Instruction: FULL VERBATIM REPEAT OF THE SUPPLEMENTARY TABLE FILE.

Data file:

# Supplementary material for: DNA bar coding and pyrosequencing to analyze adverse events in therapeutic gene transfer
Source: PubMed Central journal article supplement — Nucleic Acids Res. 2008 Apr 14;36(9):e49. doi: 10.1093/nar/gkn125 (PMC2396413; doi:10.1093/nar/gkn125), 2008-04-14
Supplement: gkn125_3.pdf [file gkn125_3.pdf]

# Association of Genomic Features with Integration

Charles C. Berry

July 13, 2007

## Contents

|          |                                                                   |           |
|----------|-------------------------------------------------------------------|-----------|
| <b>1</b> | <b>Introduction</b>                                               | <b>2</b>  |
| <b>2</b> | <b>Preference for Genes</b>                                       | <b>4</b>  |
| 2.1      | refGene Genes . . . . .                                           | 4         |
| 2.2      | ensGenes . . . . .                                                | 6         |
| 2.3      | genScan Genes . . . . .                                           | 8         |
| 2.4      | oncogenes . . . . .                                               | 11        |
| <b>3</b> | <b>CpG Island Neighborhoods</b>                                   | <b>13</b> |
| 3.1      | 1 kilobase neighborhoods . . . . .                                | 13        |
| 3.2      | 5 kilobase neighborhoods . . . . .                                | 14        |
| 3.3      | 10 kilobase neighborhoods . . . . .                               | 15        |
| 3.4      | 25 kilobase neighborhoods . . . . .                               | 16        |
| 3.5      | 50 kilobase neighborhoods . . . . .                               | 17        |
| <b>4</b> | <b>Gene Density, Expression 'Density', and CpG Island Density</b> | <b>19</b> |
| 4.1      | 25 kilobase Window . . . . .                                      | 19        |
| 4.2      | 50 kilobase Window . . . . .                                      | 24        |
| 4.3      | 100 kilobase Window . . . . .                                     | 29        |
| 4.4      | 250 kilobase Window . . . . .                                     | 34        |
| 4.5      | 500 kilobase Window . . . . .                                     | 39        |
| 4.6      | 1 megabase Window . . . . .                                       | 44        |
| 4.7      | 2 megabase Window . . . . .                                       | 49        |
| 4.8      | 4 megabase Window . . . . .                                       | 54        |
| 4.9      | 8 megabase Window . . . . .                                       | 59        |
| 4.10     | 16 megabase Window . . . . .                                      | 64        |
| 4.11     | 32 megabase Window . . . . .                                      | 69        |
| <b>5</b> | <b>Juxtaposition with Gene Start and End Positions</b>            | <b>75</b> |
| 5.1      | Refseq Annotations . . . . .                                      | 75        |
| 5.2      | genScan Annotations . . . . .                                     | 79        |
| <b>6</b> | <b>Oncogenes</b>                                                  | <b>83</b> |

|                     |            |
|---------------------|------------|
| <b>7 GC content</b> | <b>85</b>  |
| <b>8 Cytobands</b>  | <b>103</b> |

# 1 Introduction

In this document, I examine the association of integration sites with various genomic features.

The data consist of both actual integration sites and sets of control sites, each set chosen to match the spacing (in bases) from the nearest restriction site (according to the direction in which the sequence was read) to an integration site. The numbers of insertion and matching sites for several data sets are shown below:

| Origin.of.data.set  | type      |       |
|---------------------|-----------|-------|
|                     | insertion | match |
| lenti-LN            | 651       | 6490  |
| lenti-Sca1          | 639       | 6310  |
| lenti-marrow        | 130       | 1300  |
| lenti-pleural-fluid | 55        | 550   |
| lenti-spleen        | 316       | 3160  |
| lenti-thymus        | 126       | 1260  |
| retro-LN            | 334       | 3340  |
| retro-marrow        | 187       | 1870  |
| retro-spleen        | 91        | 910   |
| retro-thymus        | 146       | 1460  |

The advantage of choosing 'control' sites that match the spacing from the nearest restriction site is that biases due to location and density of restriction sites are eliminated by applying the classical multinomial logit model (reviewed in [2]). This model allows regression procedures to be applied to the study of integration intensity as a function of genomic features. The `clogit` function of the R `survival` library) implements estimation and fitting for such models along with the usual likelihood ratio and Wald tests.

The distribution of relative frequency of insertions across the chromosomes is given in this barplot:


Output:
# Supplementary material for: DNA bar coding and pyrosequencing to analyze adverse events in therapeutic gene transfer
Source: PubMed Central journal article supplement — Nucleic Acids Res. 2008 Apr 14;36(9):e49. doi: 10.1093/nar/gkn125 (PMC2396413; doi:10.1093/nar/gkn125), 2008-04-14
Supplement: gkn125_3.pdf [file gkn125_3.pdf]

# Association of Genomic Features with Integration

Charles C. Berry

July 13, 2007

## Contents

|          |                                                                   |           |
|----------|-------------------------------------------------------------------|-----------|
| <b>1</b> | <b>Introduction</b>                                               | <b>2</b>  |
| <b>2</b> | <b>Preference for Genes</b>                                       | <b>4</b>  |
| 2.1      | refGene Genes . . . . .                                           | 4         |
| 2.2      | ensGenes . . . . .                                                | 6         |
| 2.3      | genScan Genes . . . . .                                           | 8         |
| 2.4      | oncogenes . . . . .                                               | 11        |
| <b>3</b> | <b>CpG Island Neighborhoods</b>                                   | <b>13</b> |
| 3.1      | 1 kilobase neighborhoods . . . . .                                | 13        |
| 3.2      | 5 kilobase neighborhoods . . . . .                                | 14        |
| 3.3      | 10 kilobase neighborhoods . . . . .                               | 15        |
| 3.4      | 25 kilobase neighborhoods . . . . .                               | 16        |
| 3.5      | 50 kilobase neighborhoods . . . . .                               | 17        |
| <b>4</b> | <b>Gene Density, Expression 'Density', and CpG Island Density</b> | <b>19</b> |
| 4.1      | 25 kilobase Window . . . . .                                      | 19        |
| 4.2      | 50 kilobase Window . . . . .                                      | 24        |
| 4.3      | 100 kilobase Window . . . . .                                     | 29        |
| 4.4      | 250 kilobase Window . . . . .                                     | 34        |
| 4.5      | 500 kilobase Window . . . . .                                     | 39        |
| 4.6      | 1 megabase Window . . . . .                                       | 44        |
| 4.7      | 2 megabase Window . . . . .                                       | 49        |
| 4.8      | 4 megabase Window . . . . .                                       | 54        |
| 4.9      | 8 megabase Window . . . . .                                       | 59        |
| 4.10     | 16 megabase Window . . . . .                                      | 64        |
| 4.11     | 32 megabase Window . . . . .                                      | 69        |
| <b>5</b> | <b>Juxtaposition with Gene Start and End Positions</b>            | <b>75</b> |
| 5.1      | Refseq Annotations . . . . .                                      | 75        |
| 5.2      | genScan Annotations . . . . .                                     | 79        |
| <b>6</b> | <b>Oncogenes</b>                                                  | <b>83</b> |

|                     |            |
|---------------------|------------|
| <b>7 GC content</b> | <b>85</b>  |
| <b>8 Cytobands</b>  | <b>103</b> |

# 1 Introduction

In this document, I examine the association of integration sites with various genomic features.

The data consist of both actual integration sites and sets of control sites, each set chosen to match the spacing (in bases) from the nearest restriction site (according to the direction in which the sequence was read) to an integration site. The numbers of insertion and matching sites for several data sets are shown below:

| Origin.of.data.set  | type      |       |
|---------------------|-----------|-------|
|                     | insertion | match |
| lenti-LN            | 651       | 6490  |
| lenti-Sca1          | 639       | 6310  |
| lenti-marrow        | 130       | 1300  |
| lenti-pleural-fluid | 55        | 550   |
| lenti-spleen        | 316       | 3160  |
| lenti-thymus        | 126       | 1260  |
| retro-LN            | 334       | 3340  |
| retro-marrow        | 187       | 1870  |
| retro-spleen        | 91        | 910   |
| retro-thymus        | 146       | 1460  |

The advantage of choosing 'control' sites that match the spacing from the nearest restriction site is that biases due to location and density of restriction sites are eliminated by applying the classical multinomial logit model (reviewed in [2]). This model allows regression procedures to be applied to the study of integration intensity as a function of genomic features. The `clogit` function of the R `survival` library) implements estimation and fitting for such models along with the usual likelihood ratio and Wald tests.

The distribution of relative frequency of insertions across the chromosomes is given in this barplot: